The conflict raging in Syria since early 2011 has pushed nearly 900,000 Syrians to seek refuge in Lebanon. Informal Settlements, usually improvised and overcrowded, have been laid out on an ad hoc basis and lack basic water and sanitation facilities. Despite the strong involvement of INGOs in the upgrade of living conditions in these settlements, the hygienic environment and practices remain inadequate and present risks of waterborne diseases outbreak.
The Story of Cholera is seen as a great tool to promote basic hygiene practices and has been narrated in Arabic to be shown in these Settlements. It is seen as both a prevention measure against potential cholera outbreak and/or other type of diarrheal diseases. Tested on site it has received a great welcome from the refugee community and is expected to have a major impact in the hygiene promotion response.
Story submitted by: Solidarités International – Lebanon Mission
The Story of Cholera is being called on to help “nip in the bud” a new cholera outbreak in Namibia. The outbreak has prompted officials from UNICEF and the Ministry of Health to move quickly to educate people in the region. These officials recognize that showing The Story of Cholera via mass media is an effective way to convey critical messages about the disease that people need to know. According to Dr. Myo-Zin Nyunt (Chief, Maternal, Child Survival and Development for UNICEF NAMIBIA), “Most senior officials in the Ministry of Health really like this video and they are wanting to broadcast it through national TV” so they can help prevent the cholera outbreak from spiraling out of control.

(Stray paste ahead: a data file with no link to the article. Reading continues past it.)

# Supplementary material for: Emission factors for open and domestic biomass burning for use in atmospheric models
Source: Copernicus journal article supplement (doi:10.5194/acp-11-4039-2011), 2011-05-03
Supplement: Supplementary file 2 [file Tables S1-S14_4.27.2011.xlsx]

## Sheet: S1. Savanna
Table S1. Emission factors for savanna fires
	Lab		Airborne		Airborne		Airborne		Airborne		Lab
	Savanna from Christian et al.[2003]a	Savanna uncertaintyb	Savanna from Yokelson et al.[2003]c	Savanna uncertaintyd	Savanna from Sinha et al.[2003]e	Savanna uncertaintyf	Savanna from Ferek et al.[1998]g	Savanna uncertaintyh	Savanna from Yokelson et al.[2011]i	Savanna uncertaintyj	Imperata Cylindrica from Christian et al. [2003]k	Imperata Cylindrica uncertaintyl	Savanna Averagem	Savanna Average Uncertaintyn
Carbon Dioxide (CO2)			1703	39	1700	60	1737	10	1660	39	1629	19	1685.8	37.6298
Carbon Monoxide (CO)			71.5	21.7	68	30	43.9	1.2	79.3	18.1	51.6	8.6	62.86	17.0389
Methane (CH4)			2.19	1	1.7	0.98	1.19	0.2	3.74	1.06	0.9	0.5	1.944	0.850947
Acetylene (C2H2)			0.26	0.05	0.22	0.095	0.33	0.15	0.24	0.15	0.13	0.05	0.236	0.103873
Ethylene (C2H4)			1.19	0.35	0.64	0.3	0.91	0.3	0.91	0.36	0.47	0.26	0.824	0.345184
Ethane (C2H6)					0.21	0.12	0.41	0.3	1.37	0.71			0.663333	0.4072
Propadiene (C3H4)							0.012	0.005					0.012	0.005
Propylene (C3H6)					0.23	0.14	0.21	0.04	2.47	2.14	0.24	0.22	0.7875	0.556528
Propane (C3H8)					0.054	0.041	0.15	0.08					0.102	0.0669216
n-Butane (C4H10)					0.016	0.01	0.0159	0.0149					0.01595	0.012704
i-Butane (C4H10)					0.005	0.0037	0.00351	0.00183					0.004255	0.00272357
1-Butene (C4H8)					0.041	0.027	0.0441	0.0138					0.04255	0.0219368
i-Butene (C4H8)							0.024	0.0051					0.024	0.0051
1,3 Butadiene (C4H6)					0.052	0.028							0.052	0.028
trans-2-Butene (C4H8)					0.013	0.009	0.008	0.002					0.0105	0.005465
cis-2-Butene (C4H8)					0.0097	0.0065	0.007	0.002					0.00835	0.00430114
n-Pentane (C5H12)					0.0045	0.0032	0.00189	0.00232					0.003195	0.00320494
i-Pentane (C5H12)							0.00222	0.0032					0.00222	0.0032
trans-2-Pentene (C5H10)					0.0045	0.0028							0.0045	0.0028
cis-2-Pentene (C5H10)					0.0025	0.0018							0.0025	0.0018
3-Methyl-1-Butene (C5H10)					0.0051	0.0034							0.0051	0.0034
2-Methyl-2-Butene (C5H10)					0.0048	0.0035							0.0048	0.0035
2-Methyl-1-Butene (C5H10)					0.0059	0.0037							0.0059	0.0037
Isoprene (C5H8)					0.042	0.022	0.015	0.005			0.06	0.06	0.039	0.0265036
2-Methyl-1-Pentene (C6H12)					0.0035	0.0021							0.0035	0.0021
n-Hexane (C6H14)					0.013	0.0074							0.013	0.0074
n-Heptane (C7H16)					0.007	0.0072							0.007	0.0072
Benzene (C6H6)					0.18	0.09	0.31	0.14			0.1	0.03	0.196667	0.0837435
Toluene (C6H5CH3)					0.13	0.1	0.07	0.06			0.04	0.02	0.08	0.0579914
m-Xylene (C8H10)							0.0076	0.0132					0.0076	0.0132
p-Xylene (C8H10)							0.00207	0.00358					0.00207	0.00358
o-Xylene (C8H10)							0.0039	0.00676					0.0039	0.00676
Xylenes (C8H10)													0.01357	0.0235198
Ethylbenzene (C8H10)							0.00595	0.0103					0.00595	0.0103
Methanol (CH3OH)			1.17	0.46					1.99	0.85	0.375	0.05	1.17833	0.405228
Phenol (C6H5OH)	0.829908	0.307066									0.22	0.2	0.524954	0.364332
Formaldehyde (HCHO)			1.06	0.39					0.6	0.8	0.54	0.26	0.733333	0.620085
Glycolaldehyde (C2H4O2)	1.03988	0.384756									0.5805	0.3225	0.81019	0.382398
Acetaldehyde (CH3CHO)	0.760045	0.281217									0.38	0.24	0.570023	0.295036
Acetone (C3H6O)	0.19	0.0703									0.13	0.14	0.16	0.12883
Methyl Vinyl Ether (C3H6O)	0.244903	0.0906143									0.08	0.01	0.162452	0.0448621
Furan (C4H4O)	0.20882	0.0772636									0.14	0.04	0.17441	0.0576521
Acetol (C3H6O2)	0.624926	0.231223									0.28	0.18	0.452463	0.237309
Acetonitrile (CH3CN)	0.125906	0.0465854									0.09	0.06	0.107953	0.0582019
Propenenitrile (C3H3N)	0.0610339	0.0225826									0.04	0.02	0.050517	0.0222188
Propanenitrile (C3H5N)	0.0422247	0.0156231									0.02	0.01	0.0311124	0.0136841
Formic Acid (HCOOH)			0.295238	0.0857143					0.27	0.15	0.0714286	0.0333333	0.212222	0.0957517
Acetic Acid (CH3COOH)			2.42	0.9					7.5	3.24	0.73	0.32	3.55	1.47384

Our newborn care series was 1 of only 7 mobile health (mHealth) projects selected from over 1,500 evaluated worldwide that are most relevant to the goal of providing actionable health information by mobile phone. The criteria for the survey, organized by the mHIFA Working Group (Mobile Healthcare Information For All), included that the tools had to empower people with health information that is affordable, relevant, reliable, and easy-to-understand and put into action—in short, information that enables them to “deal effectively with acute healthcare situations.”